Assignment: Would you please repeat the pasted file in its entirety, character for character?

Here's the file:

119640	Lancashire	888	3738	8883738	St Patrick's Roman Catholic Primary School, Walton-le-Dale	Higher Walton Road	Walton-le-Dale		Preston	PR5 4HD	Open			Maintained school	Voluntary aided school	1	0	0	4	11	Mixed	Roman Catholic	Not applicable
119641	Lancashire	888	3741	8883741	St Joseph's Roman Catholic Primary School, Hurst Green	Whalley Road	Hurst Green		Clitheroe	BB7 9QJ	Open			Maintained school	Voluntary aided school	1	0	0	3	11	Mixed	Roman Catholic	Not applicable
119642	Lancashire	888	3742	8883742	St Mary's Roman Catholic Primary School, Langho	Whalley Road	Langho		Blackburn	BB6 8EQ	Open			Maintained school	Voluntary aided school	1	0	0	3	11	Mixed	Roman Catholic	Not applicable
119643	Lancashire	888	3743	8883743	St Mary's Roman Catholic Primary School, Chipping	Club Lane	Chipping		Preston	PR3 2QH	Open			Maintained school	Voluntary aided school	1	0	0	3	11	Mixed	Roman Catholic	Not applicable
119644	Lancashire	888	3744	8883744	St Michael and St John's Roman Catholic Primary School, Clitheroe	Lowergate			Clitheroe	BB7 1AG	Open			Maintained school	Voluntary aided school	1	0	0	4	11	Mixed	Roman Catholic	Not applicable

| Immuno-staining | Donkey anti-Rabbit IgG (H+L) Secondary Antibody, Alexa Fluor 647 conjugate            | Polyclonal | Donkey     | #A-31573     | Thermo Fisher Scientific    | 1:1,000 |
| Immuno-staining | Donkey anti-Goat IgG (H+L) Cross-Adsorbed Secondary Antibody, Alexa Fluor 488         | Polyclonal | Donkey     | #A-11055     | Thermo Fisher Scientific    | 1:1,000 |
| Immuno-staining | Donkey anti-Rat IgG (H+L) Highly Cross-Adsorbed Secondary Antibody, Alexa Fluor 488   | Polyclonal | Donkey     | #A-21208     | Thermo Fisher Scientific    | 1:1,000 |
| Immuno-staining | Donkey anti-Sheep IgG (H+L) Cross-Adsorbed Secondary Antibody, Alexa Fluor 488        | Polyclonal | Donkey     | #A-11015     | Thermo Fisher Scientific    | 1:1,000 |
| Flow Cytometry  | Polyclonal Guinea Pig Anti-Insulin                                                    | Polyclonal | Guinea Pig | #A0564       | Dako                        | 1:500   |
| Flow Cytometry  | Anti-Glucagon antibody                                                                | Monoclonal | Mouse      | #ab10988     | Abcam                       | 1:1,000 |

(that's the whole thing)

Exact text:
119640	Lancashire	888	3738	8883738	St Patrick's Roman Catholic Primary School, Walton-le-Dale	Higher Walton Road	Walton-le-Dale		Preston	PR5 4HD	Open			Maintained school	Voluntary aided school	1	0	0	4	11	Mixed	Roman Catholic	Not applicable
119641	Lancashire	888	3741	8883741	St Joseph's Roman Catholic Primary School, Hurst Green	Whalley Road	Hurst Green		Clitheroe	BB7 9QJ	Open			Maintained school	Voluntary aided school	1	0	0	3	11	Mixed	Roman Catholic	Not applicable
119642	Lancashire	888	3742	8883742	St Mary's Roman Catholic Primary School, Langho	Whalley Road	Langho		Blackburn	BB6 8EQ	Open			Maintained school	Voluntary aided school	1	0	0	3	11	Mixed	Roman Catholic	Not applicable
119643	Lancashire	888	3743	8883743	St Mary's Roman Catholic Primary School, Chipping	Club Lane	Chipping		Preston	PR3 2QH	Open			Maintained school	Voluntary aided school	1	0	0	3	11	Mixed	Roman Catholic	Not applicable
119644	Lancashire	888	3744	8883744	St Michael and St John's Roman Catholic Primary School, Clitheroe	Lowergate			Clitheroe	BB7 1AG	Open			Maintained school	Voluntary aided school	1	0	0	4	11	Mixed	Roman Catholic	Not applicable

| Immuno-staining | Donkey anti-Rabbit IgG (H+L) Secondary Antibody, Alexa Fluor 647 conjugate            | Polyclonal | Donkey     | #A-31573     | Thermo Fisher Scientific    | 1:1,000 |
| Immuno-staining | Donkey anti-Goat IgG (H+L) Cross-Adsorbed Secondary Antibody, Alexa Fluor 488         | Polyclonal | Donkey     | #A-11055     | Thermo Fisher Scientific    | 1:1,000 |
| Immuno-staining | Donkey anti-Rat IgG (H+L) Highly Cross-Adsorbed Secondary Antibody, Alexa Fluor 488   | Polyclonal | Donkey     | #A-21208     | Thermo Fisher Scientific    | 1:1,000 |
| Immuno-staining | Donkey anti-Sheep IgG (H+L) Cross-Adsorbed Secondary Antibody, Alexa Fluor 488        | Polyclonal | Donkey     | #A-11015     | Thermo Fisher Scientific    | 1:1,000 |
| Flow Cytometry  | Polyclonal Guinea Pig Anti-Insulin                                                    | Polyclonal | Guinea Pig | #A0564       | Dako                        | 1:500   |
| Flow Cytometry  | Anti-Glucagon antibody                                                                | Monoclonal | Mouse      | #ab10988     | Abcam                       | 1:1,000 |